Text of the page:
2022 Beijing Olympics

The 2022 Olympics will be held in Beijing, China. The Winter Games will be the city’s second Olympic showcase. The events will begin on February 4, 2022, and will run for seventeen days.

The IOC chose to return to China even after human rights abuse was documented in the 2008 Beijing Summer Olympics. The IOC promise to improve human rights in China has not been performed. The United Nations has reported that at least 1 million Muslims have been detained in camps in Xinjiang since 2017. China has repeatedly denied all accusations of abuse of Uyghurs, describing the camps as vocational training facilities.

Many IOC sponsors signed the United Nations Guiding Principles on Business and Human Rights. These guidelines set forth the most authoritative international statement to date regarding human rights and businesses but are not binding international law.  The rights state to “respect, protect and fulfill human rights and fundamental freedoms.” The host city contract for the 2022 Beijing Olympics did not include these guidelines. The 2024 Paris Olympic host city contract does include these guidelines.

Congressional action

On May 28, 2021, Representative Mike Waltz (R-FL.) introduced the Beijing Winter Olympic Sponsor Accountability Act. This act would bar federal agencies from doing business with corporate sponsors of the Olympics for four years. It would also ban the sponsor’s products from being sold at military bases or federal buildings. A few of the biggest sponsors, Coca-Cola, Intel, and P&G, vehemently opposed the proposed bill, stating sponsors have no say in the IOC selected host countries. Congress did not pass the Beijing Winter Olympic Sponsor Accountability Act but ignited more scrutiny around the Games.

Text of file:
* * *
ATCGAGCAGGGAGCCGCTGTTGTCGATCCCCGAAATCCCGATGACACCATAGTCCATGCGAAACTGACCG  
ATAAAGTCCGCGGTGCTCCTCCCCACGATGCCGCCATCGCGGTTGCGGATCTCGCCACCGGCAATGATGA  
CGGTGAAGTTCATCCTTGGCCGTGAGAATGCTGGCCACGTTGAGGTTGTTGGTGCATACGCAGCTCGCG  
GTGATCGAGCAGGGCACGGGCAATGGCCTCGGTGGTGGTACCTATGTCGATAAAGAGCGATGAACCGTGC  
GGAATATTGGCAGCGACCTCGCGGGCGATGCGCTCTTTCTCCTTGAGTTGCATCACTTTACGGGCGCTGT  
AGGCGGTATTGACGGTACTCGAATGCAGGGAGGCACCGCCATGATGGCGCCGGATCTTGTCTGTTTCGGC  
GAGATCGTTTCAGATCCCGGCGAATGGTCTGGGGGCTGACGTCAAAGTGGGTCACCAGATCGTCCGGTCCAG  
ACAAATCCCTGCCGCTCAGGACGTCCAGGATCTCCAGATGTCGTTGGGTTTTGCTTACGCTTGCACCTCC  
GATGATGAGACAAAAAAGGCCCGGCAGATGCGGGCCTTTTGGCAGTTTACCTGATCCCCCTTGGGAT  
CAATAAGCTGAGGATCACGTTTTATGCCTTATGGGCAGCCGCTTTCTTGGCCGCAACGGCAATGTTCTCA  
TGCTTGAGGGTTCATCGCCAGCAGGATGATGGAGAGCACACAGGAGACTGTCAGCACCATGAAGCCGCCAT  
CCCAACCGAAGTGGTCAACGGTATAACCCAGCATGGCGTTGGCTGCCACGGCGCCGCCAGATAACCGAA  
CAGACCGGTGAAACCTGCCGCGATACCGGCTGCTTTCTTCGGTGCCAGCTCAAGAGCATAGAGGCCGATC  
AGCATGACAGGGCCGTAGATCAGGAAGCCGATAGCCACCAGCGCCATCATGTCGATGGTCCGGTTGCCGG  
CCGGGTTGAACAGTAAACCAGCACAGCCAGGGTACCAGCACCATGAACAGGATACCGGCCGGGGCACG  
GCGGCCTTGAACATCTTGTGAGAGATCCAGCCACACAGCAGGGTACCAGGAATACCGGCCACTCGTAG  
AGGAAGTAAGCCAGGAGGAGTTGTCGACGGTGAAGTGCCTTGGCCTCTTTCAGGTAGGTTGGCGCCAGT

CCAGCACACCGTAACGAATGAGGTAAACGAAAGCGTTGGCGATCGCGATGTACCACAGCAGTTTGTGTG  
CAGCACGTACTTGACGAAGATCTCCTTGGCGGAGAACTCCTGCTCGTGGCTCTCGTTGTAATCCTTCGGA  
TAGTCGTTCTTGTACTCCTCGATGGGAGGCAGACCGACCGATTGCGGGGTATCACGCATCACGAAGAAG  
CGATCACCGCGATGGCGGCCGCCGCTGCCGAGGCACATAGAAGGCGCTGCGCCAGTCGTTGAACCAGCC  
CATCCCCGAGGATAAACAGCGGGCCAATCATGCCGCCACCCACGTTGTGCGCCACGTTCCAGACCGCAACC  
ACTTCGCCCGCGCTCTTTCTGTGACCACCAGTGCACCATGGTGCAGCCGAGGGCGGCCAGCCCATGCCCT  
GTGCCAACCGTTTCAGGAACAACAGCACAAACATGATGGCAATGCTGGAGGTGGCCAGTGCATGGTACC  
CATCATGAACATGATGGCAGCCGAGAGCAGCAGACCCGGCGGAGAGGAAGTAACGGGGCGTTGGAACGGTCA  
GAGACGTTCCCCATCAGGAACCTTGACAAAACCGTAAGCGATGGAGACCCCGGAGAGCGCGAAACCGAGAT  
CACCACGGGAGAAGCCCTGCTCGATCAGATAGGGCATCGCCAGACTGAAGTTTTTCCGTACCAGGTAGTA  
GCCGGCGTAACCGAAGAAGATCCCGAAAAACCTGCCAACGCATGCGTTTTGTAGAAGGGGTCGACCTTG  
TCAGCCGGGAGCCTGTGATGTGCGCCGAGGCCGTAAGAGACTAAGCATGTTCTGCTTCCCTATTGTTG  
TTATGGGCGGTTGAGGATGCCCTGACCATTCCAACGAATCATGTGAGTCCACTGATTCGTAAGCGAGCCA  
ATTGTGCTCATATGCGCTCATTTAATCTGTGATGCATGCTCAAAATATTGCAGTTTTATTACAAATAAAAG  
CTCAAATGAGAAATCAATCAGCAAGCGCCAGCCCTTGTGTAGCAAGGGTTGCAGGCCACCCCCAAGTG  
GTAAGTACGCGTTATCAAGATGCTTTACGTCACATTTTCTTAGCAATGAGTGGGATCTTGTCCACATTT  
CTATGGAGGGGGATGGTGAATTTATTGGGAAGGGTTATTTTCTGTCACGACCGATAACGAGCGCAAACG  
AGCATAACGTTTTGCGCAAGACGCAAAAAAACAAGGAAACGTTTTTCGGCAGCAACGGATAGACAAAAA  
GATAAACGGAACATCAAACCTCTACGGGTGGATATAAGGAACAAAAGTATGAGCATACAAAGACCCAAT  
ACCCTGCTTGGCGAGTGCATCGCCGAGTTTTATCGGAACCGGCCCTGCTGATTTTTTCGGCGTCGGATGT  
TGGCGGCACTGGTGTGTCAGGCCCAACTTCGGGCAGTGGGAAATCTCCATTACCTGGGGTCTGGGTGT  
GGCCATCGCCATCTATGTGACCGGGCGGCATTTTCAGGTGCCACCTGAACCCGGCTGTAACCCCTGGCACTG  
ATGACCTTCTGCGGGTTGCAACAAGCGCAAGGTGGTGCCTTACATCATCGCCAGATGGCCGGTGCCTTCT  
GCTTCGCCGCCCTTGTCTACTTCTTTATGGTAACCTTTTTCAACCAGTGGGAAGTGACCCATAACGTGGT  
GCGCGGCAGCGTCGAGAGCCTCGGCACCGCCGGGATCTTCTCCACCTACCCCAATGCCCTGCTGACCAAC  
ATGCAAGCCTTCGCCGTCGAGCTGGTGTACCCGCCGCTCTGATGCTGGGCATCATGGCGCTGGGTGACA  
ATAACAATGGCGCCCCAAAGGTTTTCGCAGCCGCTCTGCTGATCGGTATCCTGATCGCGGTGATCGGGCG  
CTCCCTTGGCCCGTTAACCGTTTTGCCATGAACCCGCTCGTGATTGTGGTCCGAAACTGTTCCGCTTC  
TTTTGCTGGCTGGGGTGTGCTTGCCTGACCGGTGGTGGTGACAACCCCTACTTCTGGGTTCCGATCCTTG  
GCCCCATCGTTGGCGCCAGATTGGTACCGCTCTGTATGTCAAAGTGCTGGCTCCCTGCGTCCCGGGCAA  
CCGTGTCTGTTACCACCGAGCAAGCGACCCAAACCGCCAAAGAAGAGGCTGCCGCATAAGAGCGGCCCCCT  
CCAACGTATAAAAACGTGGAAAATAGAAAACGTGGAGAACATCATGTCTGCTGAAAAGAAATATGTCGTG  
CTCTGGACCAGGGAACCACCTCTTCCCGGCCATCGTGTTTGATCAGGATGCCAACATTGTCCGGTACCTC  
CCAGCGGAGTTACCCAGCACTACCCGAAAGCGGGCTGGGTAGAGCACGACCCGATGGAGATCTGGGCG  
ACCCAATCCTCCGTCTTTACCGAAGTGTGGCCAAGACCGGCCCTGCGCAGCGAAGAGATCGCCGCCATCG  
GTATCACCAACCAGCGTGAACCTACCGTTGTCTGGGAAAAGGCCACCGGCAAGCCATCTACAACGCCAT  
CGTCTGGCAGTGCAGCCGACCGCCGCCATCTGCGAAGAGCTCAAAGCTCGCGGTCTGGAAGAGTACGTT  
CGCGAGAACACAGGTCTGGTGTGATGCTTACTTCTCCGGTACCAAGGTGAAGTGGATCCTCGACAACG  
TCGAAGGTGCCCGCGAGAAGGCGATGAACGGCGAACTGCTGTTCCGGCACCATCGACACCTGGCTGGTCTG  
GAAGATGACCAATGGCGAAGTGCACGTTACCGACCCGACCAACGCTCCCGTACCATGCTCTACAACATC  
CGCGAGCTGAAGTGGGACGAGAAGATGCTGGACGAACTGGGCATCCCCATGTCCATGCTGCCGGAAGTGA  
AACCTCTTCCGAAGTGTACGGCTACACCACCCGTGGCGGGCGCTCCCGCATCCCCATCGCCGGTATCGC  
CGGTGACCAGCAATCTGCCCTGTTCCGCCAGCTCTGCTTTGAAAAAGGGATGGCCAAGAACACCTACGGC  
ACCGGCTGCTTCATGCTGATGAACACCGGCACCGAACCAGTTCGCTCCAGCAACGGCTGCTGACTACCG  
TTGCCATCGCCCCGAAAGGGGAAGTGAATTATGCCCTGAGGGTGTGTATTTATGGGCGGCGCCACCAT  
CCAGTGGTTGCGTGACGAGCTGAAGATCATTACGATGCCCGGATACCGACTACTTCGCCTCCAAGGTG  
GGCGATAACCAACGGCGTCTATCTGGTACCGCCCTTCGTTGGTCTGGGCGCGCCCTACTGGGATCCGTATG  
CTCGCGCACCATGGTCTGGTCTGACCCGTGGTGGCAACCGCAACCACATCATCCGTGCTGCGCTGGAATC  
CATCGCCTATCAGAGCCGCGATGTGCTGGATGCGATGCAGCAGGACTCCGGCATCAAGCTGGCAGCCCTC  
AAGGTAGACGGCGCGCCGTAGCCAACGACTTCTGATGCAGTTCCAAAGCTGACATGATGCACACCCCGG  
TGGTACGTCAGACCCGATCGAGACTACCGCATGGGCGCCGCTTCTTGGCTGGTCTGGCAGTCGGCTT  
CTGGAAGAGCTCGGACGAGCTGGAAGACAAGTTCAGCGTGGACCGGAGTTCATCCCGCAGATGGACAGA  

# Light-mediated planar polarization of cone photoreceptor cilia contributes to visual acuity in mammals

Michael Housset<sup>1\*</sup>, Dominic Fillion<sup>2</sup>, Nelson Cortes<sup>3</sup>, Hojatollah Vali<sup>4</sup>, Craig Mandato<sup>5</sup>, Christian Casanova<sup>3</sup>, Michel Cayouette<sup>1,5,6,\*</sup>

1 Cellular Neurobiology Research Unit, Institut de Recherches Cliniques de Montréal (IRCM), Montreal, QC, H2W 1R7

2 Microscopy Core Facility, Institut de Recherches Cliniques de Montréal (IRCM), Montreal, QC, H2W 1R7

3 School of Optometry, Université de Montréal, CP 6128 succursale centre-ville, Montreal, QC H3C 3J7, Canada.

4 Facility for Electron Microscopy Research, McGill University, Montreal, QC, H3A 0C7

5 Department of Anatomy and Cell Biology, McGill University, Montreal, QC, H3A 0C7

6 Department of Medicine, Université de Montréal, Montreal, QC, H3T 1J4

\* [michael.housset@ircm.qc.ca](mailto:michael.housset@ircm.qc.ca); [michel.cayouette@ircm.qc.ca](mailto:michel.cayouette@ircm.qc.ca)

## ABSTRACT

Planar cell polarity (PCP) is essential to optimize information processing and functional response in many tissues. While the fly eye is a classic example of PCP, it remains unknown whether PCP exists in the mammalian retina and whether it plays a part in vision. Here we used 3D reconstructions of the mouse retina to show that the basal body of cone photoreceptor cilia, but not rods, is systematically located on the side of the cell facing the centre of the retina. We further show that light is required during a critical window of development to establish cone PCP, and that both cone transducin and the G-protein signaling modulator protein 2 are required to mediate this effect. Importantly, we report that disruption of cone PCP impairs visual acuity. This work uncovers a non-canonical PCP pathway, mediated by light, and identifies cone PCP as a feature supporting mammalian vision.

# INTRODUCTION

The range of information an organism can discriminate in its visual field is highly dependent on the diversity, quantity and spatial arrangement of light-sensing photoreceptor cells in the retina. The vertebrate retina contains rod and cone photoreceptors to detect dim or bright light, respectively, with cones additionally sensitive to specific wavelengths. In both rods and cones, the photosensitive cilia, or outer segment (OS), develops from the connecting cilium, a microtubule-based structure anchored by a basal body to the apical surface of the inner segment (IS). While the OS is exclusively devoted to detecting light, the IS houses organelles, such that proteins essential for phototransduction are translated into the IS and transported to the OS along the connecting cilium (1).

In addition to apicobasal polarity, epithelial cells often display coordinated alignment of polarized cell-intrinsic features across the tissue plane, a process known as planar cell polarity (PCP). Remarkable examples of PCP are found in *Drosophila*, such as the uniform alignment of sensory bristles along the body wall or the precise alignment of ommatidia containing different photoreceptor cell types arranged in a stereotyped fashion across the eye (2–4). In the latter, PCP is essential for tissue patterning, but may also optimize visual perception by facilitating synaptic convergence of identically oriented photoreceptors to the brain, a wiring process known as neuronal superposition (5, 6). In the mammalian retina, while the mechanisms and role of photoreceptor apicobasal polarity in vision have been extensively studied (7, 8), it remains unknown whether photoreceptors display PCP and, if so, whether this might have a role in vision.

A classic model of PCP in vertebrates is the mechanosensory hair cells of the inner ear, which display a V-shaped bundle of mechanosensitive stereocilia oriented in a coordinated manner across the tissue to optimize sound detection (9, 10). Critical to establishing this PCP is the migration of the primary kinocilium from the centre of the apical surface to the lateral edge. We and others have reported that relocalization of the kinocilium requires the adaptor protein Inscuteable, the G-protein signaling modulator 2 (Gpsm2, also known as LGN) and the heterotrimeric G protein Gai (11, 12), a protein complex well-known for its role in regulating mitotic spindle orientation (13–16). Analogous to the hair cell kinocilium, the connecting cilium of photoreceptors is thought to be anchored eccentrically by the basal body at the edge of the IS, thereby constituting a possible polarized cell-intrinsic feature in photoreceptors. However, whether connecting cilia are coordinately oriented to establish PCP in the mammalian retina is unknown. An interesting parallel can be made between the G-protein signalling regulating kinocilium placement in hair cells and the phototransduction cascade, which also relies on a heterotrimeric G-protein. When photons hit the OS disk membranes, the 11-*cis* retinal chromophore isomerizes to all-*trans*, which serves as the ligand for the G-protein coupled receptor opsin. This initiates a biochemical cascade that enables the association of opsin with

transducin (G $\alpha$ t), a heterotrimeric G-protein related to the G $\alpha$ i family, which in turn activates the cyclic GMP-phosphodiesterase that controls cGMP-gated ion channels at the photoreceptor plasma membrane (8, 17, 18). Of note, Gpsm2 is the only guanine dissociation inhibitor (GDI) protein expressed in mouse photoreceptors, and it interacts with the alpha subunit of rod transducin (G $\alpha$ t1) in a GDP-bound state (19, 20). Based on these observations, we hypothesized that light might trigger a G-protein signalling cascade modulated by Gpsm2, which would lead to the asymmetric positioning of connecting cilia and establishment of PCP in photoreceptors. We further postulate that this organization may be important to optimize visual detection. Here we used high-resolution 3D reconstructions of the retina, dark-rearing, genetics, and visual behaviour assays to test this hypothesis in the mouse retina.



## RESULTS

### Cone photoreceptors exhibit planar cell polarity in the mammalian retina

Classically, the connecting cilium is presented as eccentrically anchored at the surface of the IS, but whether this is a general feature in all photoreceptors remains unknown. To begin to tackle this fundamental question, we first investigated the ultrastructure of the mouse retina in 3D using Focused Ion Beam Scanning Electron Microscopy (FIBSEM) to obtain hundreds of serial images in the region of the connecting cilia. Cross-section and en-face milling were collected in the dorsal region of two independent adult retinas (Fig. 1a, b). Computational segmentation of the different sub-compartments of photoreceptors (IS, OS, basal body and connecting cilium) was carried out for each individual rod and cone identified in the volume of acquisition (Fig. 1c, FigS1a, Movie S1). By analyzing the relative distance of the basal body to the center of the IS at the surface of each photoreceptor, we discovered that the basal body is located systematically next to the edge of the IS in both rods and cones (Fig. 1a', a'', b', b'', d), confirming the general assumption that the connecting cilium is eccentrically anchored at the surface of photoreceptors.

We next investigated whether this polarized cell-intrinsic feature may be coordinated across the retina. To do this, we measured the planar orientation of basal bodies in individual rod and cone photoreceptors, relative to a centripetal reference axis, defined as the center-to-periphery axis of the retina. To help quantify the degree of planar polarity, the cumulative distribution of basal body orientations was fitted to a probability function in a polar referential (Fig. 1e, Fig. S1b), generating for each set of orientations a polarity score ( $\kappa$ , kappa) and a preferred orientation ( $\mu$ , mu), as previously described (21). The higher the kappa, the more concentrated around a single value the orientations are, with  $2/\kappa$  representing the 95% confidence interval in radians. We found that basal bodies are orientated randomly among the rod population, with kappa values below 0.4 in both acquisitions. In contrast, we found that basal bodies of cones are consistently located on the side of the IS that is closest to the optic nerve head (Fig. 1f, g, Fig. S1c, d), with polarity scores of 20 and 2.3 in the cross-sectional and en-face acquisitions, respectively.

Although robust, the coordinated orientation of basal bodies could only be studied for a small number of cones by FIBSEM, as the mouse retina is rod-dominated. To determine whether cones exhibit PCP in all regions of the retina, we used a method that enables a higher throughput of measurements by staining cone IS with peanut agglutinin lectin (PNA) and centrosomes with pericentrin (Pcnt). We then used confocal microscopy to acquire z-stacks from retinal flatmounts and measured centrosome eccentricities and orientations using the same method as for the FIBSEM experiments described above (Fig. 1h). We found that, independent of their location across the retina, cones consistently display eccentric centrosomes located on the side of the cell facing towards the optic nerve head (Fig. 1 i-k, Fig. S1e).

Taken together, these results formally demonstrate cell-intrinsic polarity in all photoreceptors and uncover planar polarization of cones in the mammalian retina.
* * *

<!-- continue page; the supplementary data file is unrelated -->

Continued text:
On January 19, 2021, Representatives Jennifer Wexton (D-VA) and Mike Waltz (R-FL) introduced the Irresponsible Olympic Collaboration Act, which would strip the IOC of its tax-exempt status. Rep. Wexton claims the IOC has made it clear that profits are more important than human rights and the American taxpayer should no longer subsidize such atrocity. The fate of the bill is still pending. If passed, the IOC’s gross income of more than $100,000,000 a year will become taxable.